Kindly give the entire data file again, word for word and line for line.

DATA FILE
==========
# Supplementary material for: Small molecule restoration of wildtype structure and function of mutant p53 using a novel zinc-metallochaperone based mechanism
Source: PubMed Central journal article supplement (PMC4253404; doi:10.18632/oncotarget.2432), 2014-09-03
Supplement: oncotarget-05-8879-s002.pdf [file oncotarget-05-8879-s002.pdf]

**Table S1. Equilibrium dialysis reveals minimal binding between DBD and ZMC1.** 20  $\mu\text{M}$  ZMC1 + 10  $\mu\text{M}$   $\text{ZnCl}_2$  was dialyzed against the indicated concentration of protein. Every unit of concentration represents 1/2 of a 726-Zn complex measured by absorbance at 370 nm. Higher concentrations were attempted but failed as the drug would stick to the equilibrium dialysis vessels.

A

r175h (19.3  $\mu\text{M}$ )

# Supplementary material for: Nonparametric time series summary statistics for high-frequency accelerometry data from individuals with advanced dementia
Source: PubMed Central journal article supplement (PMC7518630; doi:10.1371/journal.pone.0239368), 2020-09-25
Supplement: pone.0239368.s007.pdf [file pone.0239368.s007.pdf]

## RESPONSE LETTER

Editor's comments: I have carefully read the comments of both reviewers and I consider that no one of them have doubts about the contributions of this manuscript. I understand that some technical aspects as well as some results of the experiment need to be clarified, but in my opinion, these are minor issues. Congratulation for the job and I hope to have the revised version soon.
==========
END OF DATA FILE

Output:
# Supplementary material for: Small molecule restoration of wildtype structure and function of mutant p53 using a novel zinc-metallochaperone based mechanism
Source: PubMed Central journal article supplement (PMC4253404; doi:10.18632/oncotarget.2432), 2014-09-03
Supplement: oncotarget-05-8879-s002.pdf [file oncotarget-05-8879-s002.pdf]

**Table S1. Equilibrium dialysis reveals minimal binding between DBD and ZMC1.** 20  $\mu\text{M}$  ZMC1 + 10  $\mu\text{M}$   $\text{ZnCl}_2$  was dialyzed against the indicated concentration of protein. Every unit of concentration represents 1/2 of a 726-Zn complex measured by absorbance at 370 nm. Higher concentrations were attempted but failed as the drug would stick to the equilibrium dialysis vessels.

A

r175h (19.3  $\mu\text{M}$ )

# Supplementary material for: Nonparametric time series summary statistics for high-frequency accelerometry data from individuals with advanced dementia
Source: PubMed Central journal article supplement (PMC7518630; doi:10.1371/journal.pone.0239368), 2020-09-25
Supplement: pone.0239368.s007.pdf [file pone.0239368.s007.pdf]

## RESPONSE LETTER

Editor's comments: I have carefully read the comments of both reviewers and I consider that no one of them have doubts about the contributions of this manuscript. I understand that some technical aspects as well as some results of the experiment need to be clarified, but in my opinion, these are minor issues. Congratulation for the job and I hope to have the revised version soon.